Shea was as far away as next year in Jerusalem that bitterly freezing January morning when I got my yarmulke on. My Bar Mitzvah prep took place in the Hebrew school of Congregation Beth Sholom in Long Beach, a building I learned only this weekend no longer exists. My sister mentioned she was driving through the old hometown and discovered it had been torn down to make room for new houses. While the temple itself, just across the street, soldiers on, word is there weren’t enough kids being raised in Conservative-Jewish homes in the neighborhood to sustain the Hebrew school.
Pity. I had already estranged myself from organized religion about two years before being Bar Mitzvahed — I had irrevocably directed the entirety of my Belief for all eternity toward the Mets the previous autumn — but the school was an institution that one assumed would endure long beyond my usefulness to it. I was a big fan of Rabbi Amos Miller (no truth to the rumor that we had two Rabbi Millers and that Casey Stengel couldn’t tell them apart). Rabbi Miller spoke a little like Hubert Humphrey and was once the clergyman du jour on Call to Prayer, the few moments of spirituality Channel 5 used to provide before airing the National Anthem and signing off for the night. I had told I’d seen him there.
“My,” he said. “What kind of hours do you keep?”
Rabbi Miller officiated at my Bar Mitzvah. My assigned haftorah was Yitro. Don’t ask me to elaborate. That’s all I remember about the religion portion of the weekend. I have more tangible memories of the next day when we moved the party to Valley Stream’s Temple Gates of Zion. Logistics (a law prohibiting dancing on the shabbos) dictated we hold the reception after sundown Saturday and it was somehow decided in the highest councils of rabbinical wisdom (my mother) that Sunday afternoon would work better than Saturday night.
Though my Bar Mitzvah was comparatively stately to those recalled in Bar Mitzvah Disco, never mind my friend Todd’s (he had a clown who entered the ballroom to wicked strobe lights while he sang a parody of “The Candy Man,” the first lyrics of which were “Who can make your teeth rot?”), it was definitely of its type and its time.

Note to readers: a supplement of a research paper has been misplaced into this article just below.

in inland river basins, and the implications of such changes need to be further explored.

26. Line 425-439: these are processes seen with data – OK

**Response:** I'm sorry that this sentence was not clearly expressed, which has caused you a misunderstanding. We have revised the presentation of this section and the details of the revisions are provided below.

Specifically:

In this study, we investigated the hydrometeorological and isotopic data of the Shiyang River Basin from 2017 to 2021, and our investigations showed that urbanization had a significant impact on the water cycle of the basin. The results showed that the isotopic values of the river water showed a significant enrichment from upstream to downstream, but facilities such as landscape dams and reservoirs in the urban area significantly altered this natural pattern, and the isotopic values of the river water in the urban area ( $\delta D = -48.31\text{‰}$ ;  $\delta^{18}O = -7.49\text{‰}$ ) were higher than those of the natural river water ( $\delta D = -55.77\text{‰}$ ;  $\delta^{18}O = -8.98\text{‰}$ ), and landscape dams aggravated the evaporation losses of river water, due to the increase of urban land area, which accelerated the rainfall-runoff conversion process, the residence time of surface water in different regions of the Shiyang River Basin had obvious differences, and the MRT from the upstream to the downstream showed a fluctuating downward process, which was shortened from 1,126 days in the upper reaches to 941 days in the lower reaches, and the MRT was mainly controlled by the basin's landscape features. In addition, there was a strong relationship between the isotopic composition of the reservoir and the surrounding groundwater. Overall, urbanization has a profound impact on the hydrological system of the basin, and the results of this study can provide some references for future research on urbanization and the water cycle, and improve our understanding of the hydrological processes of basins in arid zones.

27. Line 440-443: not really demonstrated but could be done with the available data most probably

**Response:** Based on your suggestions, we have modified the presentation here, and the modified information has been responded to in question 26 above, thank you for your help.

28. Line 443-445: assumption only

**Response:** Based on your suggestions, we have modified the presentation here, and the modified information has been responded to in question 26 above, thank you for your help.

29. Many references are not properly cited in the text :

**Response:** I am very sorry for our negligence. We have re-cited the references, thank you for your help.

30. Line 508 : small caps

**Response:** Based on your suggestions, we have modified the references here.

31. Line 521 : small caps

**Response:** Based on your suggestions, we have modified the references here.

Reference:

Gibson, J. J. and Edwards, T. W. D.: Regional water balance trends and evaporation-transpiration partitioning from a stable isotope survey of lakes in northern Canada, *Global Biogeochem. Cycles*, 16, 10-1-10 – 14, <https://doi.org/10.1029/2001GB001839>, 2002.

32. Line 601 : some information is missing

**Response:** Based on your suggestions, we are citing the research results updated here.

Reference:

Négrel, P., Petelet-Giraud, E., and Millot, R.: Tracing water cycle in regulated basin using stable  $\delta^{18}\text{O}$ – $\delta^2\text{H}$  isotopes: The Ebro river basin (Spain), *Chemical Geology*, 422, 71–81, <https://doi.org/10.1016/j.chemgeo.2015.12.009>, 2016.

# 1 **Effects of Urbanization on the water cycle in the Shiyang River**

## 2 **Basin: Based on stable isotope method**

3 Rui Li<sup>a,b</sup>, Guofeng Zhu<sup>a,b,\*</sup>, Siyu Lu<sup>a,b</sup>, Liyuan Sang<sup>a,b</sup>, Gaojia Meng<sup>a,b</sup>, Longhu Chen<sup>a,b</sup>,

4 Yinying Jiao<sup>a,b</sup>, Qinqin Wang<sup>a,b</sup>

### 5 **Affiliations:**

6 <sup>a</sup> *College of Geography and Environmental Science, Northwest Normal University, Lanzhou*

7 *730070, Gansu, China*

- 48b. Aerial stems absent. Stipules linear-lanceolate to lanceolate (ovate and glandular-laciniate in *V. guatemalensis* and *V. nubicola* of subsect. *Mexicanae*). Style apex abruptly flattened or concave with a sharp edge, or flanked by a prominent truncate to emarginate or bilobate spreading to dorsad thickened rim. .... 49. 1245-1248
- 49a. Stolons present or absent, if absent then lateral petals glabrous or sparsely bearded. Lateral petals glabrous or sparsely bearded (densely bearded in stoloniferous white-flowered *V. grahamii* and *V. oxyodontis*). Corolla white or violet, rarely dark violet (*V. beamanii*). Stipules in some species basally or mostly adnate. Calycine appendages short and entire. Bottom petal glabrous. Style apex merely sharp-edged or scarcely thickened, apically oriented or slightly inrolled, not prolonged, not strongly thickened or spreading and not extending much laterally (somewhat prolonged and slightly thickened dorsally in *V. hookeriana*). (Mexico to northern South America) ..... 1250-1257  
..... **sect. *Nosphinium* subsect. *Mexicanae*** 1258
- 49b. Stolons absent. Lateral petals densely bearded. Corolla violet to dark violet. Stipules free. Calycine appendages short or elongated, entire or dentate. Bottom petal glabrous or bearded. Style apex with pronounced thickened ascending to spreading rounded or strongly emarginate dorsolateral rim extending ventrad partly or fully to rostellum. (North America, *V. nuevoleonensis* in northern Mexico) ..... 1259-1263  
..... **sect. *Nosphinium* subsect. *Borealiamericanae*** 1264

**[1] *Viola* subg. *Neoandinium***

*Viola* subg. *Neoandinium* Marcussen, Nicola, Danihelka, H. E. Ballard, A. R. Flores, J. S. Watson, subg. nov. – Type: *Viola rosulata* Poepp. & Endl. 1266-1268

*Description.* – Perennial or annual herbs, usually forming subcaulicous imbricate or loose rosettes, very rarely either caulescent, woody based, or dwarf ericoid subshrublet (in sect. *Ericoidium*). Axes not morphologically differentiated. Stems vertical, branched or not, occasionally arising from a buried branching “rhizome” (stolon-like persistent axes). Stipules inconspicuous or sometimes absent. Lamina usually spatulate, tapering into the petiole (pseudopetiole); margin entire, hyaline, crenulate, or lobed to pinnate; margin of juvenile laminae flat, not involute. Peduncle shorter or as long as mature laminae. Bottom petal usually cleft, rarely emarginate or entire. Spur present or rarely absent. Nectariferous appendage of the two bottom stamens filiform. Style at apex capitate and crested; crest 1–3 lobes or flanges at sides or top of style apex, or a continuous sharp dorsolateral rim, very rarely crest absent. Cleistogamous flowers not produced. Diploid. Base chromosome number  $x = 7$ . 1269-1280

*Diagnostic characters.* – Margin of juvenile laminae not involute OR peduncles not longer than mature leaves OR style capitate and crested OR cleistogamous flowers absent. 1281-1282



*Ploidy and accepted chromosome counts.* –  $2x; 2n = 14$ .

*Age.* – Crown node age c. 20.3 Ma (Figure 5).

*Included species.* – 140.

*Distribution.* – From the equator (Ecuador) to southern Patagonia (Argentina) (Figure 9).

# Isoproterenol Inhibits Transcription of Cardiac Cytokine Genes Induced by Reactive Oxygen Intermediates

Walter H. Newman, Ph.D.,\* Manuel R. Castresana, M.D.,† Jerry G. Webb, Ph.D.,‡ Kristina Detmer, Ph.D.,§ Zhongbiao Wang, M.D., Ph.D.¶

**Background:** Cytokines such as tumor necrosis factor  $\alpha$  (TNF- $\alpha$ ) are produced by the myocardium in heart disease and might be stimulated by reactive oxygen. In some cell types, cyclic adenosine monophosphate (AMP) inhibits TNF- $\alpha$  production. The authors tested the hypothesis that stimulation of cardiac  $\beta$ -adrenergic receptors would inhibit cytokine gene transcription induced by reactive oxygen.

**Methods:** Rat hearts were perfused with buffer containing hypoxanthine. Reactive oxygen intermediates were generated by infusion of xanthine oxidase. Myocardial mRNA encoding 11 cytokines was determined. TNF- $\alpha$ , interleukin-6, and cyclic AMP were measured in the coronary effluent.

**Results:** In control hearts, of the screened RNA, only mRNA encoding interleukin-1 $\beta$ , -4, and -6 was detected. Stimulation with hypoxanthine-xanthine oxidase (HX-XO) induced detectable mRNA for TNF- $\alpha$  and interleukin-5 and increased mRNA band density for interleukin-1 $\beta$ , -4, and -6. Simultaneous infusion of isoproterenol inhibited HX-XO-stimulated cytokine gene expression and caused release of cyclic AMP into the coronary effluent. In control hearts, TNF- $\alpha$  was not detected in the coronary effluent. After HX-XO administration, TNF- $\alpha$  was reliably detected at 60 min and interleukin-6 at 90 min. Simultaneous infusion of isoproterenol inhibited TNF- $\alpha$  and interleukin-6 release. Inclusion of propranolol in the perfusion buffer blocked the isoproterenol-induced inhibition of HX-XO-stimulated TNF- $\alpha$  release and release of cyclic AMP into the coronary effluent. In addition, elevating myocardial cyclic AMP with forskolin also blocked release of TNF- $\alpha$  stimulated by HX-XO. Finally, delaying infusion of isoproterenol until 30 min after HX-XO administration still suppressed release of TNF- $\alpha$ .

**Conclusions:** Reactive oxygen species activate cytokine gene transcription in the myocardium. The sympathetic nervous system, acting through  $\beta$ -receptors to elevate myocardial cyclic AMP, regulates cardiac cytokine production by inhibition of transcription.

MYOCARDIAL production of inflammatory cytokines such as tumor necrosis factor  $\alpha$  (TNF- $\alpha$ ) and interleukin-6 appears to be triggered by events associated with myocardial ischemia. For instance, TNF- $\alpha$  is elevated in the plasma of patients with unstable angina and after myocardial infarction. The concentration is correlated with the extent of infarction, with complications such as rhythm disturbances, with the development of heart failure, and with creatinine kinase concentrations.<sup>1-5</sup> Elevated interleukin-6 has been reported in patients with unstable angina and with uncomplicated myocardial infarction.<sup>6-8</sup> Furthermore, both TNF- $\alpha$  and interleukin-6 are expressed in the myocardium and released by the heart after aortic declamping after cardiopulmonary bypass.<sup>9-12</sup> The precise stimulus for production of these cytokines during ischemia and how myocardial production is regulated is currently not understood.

• The photographer’s first act was to pose our family by the exit for the mandatory Wave Goodbye shot, oblivious to the fact that a) the noontime sun was clearly in evidence; b) we weren’t wearing our coats; c) there was snow on the ground.
• The band had not one but both K.C. & The Sunshine Band hits down cold.
• The food was served in copious amounts. We dined on cocktail-hour buffet leftovers well into February.
• The fashion was straight out of Why We Were Scared of the ’70s. I wore a baby-blue Pierre Cardin three-piece suit. It didn’t look any better on me than anything looked on anybody else. My Bar Mitzvah album is buried in a box somewhere around here and I’m in no rush to unearth it.
• The vast majority of attendees were total strangers to me. Forget who gets Bar Mitzvahed. These affairs are for the mothers. Hence, it was my parents’ friends, their aunts and uncles with whom I was barely acquainted and my father’s business associates who crowded the dance floor and did the hustle. Despite what was said about certain of them at home, they all seemed friendly enough (I received so many hearty handshakes that I thought I was running as a Scoop Jackson delegate in the New York primary) and thoughtfully left behind a generous pile of United States Savings Bonds — a nice nest egg, it would turn out. My limited seventh-grade popularity could score me but one table of youthful colleagues. We snuck away from the main action for the thrill of lighting up the contents of the requisite souvenir boxes of matches.
Hey, the boxes of matches! I just remembered that they were blue with my name inscribed in orange. I suppose there was a Mets presence at my Bar Mitzvah, albeit a flickering one.
I may not have worn a tallis very often since my Bar Mitzvah, but I’ve been very enamored of another sacred garment these past 25 years. Let me tell you about my most beloved Mets jacket at Gotham Baseball.